One of my most memorable jobs was in Alaska. I lived in a small village called Galena along the Yukon River in what is known as bush Alaska. The bush villages are not connected by the road system, meaning you must either fly into them, often landing on a dirt runway, or you arrive by boat in the summer, or via snow-go or snow-machine (known to everyone in the Lower-48 as a snowmobile) once the river freezes over.
When I was hired for
the job as Residence Hall Director for a boarding high school, sight unseen, via
a phone interview, I excitedly asked the principal on the other end of the line
how I would know who to look for when I arrived at the airport. I distinctly remember his response, “Don’t
worry about finding us. We will find
In order to get to my
final destination I flew from Baltimore to Anchorage and was then scheduled to
take a six-seat prop plane to Galena. In
Anchorage I collected my belongings and checked in for my Anchorage-Galena flight.
The difference between the major carriers like Alaska Airlines and the bush
planes are immediately obvious to new arrivals who noticeably wince the first
time they recognize that duct tape is used to hold the windows together.
Unaware of the nuances
associated with Alaskan travel I was taken aback at the Anchorage airport when
I was told I needed to step on the scale.
After significant confusion and objections on my part, the woman behind
the counter said, “We have to weigh you because we need to know exactly how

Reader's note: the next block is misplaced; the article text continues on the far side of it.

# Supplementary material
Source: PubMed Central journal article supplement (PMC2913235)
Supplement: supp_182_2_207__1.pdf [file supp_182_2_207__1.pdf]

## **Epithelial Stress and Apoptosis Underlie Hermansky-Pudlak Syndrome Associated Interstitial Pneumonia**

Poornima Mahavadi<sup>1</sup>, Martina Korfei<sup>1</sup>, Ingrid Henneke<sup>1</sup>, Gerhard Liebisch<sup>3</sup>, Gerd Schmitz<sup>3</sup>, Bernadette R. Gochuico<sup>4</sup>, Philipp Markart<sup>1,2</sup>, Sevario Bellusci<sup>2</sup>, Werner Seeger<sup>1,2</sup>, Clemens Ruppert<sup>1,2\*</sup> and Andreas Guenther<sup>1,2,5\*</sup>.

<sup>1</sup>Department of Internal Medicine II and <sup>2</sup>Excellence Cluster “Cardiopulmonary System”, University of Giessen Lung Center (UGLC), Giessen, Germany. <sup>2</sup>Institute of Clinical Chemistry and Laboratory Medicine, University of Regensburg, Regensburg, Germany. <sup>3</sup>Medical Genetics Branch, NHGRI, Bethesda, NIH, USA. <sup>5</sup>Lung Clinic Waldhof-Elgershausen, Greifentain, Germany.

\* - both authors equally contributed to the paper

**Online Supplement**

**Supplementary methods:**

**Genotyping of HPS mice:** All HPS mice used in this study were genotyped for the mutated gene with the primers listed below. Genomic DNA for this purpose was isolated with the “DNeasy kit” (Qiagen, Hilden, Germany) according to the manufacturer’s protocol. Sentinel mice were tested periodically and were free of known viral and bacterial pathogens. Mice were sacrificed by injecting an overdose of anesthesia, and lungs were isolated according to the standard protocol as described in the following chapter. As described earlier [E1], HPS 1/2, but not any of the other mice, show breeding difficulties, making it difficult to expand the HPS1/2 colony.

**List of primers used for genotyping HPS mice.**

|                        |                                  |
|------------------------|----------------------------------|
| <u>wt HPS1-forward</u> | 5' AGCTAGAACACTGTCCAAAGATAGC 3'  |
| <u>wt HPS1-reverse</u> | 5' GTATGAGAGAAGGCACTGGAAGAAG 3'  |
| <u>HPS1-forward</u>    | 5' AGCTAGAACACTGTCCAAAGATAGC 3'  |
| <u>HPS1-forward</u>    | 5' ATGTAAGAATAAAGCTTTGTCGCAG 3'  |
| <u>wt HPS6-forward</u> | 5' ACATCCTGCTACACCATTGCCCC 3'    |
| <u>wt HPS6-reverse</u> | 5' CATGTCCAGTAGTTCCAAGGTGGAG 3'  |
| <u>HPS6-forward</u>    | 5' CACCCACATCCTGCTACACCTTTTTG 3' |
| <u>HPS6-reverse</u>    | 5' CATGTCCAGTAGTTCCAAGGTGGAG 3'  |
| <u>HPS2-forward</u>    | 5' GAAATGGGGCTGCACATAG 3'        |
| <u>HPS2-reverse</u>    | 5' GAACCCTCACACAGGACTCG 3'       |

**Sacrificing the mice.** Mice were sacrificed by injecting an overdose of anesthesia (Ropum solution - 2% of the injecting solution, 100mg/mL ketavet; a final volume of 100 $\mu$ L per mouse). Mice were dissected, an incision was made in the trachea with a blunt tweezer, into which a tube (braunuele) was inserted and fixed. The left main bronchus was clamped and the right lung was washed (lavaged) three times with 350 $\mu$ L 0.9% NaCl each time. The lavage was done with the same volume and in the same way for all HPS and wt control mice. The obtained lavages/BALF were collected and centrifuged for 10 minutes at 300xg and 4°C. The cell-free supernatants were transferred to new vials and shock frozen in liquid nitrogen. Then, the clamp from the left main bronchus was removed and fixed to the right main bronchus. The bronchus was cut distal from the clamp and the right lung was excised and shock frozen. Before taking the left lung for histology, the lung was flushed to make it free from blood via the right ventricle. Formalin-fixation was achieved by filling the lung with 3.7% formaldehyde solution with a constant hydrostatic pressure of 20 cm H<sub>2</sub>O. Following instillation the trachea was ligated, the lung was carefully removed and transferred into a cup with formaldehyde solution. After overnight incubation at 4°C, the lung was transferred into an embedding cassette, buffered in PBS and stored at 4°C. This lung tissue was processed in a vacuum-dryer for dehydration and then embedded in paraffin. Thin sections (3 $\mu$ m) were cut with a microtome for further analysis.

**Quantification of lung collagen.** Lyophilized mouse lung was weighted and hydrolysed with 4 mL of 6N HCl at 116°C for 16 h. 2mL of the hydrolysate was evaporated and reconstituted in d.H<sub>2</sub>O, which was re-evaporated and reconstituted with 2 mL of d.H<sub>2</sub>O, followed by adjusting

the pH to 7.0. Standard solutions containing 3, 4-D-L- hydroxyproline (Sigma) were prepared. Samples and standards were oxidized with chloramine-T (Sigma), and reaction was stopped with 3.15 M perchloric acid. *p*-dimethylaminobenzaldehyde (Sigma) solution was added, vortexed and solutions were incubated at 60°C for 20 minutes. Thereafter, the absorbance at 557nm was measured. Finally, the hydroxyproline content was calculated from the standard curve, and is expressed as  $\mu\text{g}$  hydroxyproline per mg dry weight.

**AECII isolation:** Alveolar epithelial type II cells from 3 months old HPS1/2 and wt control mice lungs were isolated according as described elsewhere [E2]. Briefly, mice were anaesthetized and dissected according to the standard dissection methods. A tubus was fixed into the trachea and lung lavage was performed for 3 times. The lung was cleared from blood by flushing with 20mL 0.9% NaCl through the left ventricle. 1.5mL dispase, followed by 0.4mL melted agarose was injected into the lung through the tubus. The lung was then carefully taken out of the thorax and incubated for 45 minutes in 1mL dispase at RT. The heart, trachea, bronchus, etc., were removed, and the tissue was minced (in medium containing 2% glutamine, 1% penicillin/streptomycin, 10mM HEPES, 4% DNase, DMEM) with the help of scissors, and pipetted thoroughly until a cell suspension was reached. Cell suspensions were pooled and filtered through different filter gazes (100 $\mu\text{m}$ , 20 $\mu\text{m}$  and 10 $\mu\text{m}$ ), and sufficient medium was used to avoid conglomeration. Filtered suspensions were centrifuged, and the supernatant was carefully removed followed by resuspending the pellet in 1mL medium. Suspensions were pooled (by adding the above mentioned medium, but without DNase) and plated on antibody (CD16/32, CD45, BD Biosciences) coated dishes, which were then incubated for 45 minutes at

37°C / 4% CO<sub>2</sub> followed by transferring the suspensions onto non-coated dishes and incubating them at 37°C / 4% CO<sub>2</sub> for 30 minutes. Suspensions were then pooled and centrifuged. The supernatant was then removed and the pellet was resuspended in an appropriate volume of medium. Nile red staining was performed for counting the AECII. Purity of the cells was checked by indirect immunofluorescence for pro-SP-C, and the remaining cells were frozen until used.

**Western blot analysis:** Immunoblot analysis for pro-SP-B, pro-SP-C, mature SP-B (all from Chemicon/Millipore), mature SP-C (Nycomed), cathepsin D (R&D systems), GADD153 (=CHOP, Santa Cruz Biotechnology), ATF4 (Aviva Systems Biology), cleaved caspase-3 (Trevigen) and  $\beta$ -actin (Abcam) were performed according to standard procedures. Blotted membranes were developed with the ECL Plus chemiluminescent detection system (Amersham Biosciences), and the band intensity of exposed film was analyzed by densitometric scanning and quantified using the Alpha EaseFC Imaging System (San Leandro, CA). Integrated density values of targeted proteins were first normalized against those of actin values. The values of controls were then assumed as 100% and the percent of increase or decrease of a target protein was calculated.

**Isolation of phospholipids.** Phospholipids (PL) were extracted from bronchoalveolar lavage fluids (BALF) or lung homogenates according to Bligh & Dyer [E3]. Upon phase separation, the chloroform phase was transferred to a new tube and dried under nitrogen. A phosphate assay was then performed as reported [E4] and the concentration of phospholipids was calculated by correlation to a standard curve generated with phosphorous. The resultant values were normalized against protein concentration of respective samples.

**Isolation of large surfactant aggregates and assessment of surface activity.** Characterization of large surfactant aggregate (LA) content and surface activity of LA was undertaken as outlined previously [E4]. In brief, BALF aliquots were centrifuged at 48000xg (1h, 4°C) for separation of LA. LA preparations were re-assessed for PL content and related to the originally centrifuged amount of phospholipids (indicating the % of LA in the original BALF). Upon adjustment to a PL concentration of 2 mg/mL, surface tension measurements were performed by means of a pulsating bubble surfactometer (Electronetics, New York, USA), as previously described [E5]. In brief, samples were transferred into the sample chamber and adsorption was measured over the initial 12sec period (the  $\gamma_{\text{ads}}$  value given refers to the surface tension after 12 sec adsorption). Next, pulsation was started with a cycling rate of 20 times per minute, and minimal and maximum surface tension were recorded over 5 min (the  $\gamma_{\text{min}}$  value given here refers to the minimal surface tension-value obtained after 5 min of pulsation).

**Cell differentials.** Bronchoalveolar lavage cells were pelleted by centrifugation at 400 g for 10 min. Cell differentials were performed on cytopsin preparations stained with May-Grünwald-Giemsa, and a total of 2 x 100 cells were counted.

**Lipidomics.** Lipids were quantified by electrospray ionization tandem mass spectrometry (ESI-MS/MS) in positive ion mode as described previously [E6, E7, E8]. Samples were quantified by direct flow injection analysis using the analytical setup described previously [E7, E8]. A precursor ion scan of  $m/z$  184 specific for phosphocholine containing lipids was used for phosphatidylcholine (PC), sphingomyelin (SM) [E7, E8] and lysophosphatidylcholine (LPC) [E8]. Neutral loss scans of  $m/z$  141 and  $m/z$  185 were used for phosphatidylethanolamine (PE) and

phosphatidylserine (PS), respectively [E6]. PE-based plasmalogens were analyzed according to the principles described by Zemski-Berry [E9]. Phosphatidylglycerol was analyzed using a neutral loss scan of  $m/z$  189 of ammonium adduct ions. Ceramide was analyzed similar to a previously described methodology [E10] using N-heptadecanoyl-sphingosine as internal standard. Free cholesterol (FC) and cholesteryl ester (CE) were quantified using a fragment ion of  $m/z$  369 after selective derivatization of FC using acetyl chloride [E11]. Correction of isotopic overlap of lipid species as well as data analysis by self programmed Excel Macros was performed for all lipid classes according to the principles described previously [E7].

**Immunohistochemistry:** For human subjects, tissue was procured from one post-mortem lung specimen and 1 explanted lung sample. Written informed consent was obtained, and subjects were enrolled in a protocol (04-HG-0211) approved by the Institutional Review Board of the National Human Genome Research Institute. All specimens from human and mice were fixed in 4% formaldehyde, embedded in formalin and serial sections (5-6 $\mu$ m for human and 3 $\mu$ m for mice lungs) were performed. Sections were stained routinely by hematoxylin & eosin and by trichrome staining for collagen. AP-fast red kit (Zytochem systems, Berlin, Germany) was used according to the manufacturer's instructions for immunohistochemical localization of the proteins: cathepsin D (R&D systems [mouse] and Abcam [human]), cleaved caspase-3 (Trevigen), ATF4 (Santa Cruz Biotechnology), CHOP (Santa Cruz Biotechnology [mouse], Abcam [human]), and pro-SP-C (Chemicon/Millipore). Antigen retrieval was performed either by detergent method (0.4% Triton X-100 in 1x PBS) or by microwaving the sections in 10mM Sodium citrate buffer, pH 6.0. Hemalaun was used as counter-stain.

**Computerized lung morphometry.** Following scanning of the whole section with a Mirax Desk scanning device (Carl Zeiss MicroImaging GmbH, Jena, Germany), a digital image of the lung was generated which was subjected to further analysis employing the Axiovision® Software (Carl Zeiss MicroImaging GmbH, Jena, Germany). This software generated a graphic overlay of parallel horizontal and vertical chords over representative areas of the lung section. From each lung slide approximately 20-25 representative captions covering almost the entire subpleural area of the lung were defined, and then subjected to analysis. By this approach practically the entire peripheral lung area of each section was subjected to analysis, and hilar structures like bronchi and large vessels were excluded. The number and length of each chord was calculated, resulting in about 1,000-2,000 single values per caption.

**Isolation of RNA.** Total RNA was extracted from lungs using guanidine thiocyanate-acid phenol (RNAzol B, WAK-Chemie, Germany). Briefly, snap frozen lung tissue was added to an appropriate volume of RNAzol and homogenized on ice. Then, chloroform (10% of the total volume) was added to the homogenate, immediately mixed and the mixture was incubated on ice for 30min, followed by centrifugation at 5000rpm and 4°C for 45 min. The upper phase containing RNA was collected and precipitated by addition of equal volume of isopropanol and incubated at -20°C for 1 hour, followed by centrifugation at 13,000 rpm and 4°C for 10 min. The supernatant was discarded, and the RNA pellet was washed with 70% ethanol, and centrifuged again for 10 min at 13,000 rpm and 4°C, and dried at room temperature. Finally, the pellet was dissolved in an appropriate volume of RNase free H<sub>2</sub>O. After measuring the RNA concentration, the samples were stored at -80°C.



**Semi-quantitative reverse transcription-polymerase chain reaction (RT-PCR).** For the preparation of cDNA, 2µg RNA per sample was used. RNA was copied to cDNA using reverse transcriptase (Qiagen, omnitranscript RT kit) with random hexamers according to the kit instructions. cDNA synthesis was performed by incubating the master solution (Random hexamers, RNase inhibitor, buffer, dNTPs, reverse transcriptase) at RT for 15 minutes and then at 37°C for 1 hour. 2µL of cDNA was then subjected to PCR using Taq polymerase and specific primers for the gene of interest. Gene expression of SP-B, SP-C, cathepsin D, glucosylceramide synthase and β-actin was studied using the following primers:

much weight the plane is carrying so we don’t overload it and cause it to
crash.” As if the mention of a crash once wasn’t daunting enough she mentioned
I needed to wear my winter coat on the flight.
“But, it’s August and 90 degrees out.” Shaking her head and rolling her
eyes disapprovingly at my ignorance she responded, “Yes, but this is Alaska, we
have lots of mountains and snow here. If
the plane crashes on a mountain you don’t want to freeze to death!” It took every fiber of my being to restrain
myself from telling her if the plane crashed I would like to request a much
swifter demise than freezing to death.
Obviously, I survived
my first Alaskan plane ride, and dozens more during my two years there. And the principal was right, when I arrived
in Galena, they found me right away. I
suspect my dazed and confused expression of relief at finding my feet back on
solid ground in the Galena “airport,” which was really a wooden shack about
eight feet by eight feet, may have given me away.
I remembered this story
recently as I was preparing for my flight to Botswana. I emailed my new department
chair with my flight itinerary and was assured I would be met at the airport
and taken to my new home. Without any
idea as to the location of my accommodations or a phone number to reach someone
in case I arrived and no one was there to meet me I asked him how I would know
who to look for when I arrived. His
response was familiar, “Don’t worry about finding us. We will find you.” Here’s hoping lightning strikes the same
Here's also hoping my escort brings doesn't bring a moped to pick me up: